MSI K8NGM2-FID - $78.99 Newegg
Before you can select the right motherboard, you first have to determine which chipset serves your needs best. Since we’re building an HTPC and not a decked-out gaming rig, obviously a high-end chipset like NVIDIA’s nForce4 SLI or ATI’s Xpress 3200 would be overkill, unless you plan on using your HTPC for some serious dual-GPU gaming.
With this in mind NVIDIA’s GeForce 6150 chipset was the most obvious choice. The 6150 chipset supports all of the key storage and connectivity features found in NVIDIA’s higher-end chipsets, such as Gigabit Ethernet networking and support for 3Gb/sec Serial ATA with native command queuing (NCQ). Up to four SATA drives are supported natively by the chipset. The GeForce 6150’s integrated GPU also boasts support for NVIDIA’s PureVideo technology, offering some H.264 decode acceleration functionality as well as MPEG-2 and WMV hardware acceleration. The GPU also supports upscaling, allowing you to upscale your DVDs to HD resolutions, and spatial temporal de-interlacing of standard definition content, all while also supporting NVIDIA’s nView dual-display technology.
Another very important aspect of the GeForce 6150 chipset is that it does all this without generating a lot of heat. As a result, motherboard manufacturers are able to cool the North Bridge and South Bridge of the chipset with passive cooling, no exotic heatsink/fan units are needed nor are heatpipes. This is particularly important in an HTPC, where low noise isn’t a luxury, it’s a necessity.
Based on this, we chose MSI’s K8NGM2-FID (MS-7207) GeForce 6150 motherboard. The K8NGM2-FID comes the closest to exposing the full potential of NVIDIA’s GeForce 6150 chipset. Not only does the motherboard provide both VGA and DVI outputs on the backplate of the motherboard, it’s also got lots of connectivity options as well, supporting up to four USB ports out of the box (unfortunately MSI doesn’t ship the board with a USB bracket), four Serial ATA drives, IEEE-1394 Firewire, and interestingly enough, both component video out and SPDIF cables.
By including both component video and DVI connectivity options, MSI’s K8NGM2-FID offers end users a couple of different ways to hook up the HTPC to their HDTV, and with the VGA output, you can still drive a separate display with minimal hassle. On the back of the component video header you’ll also find an S-Video output, allowing those of you with standard definition TVs with another way to hook your TV up to your HTPC.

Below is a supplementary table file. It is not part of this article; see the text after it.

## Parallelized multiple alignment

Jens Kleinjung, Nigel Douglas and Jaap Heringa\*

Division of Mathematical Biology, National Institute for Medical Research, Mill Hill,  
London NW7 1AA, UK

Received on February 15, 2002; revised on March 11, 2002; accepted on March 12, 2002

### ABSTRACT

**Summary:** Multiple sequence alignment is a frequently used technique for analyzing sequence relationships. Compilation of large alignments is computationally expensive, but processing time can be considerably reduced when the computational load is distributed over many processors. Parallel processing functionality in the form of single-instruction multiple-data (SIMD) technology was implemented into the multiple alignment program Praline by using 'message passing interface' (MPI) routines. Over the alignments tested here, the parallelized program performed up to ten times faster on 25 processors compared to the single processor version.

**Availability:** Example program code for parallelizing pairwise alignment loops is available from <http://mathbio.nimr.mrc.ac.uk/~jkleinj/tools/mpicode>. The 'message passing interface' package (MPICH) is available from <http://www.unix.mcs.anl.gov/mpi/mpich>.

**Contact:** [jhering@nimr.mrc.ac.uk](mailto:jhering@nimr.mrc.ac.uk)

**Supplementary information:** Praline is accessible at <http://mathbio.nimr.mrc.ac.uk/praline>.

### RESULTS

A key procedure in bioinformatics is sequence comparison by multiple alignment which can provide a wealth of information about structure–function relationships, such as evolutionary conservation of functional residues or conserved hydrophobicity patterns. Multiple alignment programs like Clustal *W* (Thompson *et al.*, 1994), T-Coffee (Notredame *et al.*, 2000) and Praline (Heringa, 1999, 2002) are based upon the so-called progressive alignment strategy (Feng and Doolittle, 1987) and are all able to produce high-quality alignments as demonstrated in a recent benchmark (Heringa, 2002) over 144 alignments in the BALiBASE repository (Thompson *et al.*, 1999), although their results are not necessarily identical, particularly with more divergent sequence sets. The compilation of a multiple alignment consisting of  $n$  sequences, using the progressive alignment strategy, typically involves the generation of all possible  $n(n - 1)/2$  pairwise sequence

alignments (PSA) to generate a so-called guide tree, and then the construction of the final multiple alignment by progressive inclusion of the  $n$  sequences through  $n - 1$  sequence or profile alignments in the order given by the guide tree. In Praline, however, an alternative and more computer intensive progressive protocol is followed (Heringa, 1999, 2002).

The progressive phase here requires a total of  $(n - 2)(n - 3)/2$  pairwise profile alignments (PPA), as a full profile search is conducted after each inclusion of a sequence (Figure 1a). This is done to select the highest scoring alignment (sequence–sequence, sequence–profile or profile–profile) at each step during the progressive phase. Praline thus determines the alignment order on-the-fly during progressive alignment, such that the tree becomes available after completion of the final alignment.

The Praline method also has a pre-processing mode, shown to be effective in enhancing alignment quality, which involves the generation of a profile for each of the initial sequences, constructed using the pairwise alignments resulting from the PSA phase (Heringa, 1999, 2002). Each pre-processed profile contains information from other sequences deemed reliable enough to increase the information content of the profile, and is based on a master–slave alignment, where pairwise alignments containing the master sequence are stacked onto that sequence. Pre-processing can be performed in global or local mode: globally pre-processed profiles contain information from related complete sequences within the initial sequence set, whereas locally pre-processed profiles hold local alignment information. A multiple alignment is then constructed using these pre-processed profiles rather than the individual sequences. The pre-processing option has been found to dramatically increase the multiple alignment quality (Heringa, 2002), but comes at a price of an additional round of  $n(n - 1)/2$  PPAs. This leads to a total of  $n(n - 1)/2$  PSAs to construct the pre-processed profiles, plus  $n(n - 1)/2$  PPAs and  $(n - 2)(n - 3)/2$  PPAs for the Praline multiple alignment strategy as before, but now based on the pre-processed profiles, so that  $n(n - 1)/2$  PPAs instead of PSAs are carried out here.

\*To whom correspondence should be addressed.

In addition to providing a wide range of connectivity options, MSI’s K8NGM2-FID is also extremely stable and delivers good overall performance. Keep in mind that it’s a micro-ATX motherboard, so your expansion options are limited to just two PCI slots and one PCI Express slot (in addition to the x16 PCI Express graphics slot) but with 7.1 audio, networking, and storage duties already integrated onboard, there isn’t much need for anything else, while the micro-ATX form factor ensures that the K8NGM2-FID is compatible with a wide range of HTPC cases.
It’s because of all this that the K8NGM2-FID has proven to be extremely popular among the HTPC crowd. On Newegg 100 out of 111 user reviews are positive, with only five votes for average, four for poor, and two for very poor, making it one of the highest rated GeForce 6150 boards on Newegg.
With the debut of AMD’s new AM2 socket last week, a Socket AM2 motherboard would be the obvious alternative to the K8NGM2-FID. However keep in mind that most of the early AM2 motherboards on the market right now are based on NVIDIA’s nForce5 series chipsets, which include the 550, 570, and 590 SLI. None of these chipsets have the integrated capabilities of NVIDIA’s GeForce 6150 chipset and most of them are full-sized ATX cases. Therefore, the ideal AM2 HTPC motherboard doesn’t quite exist yet.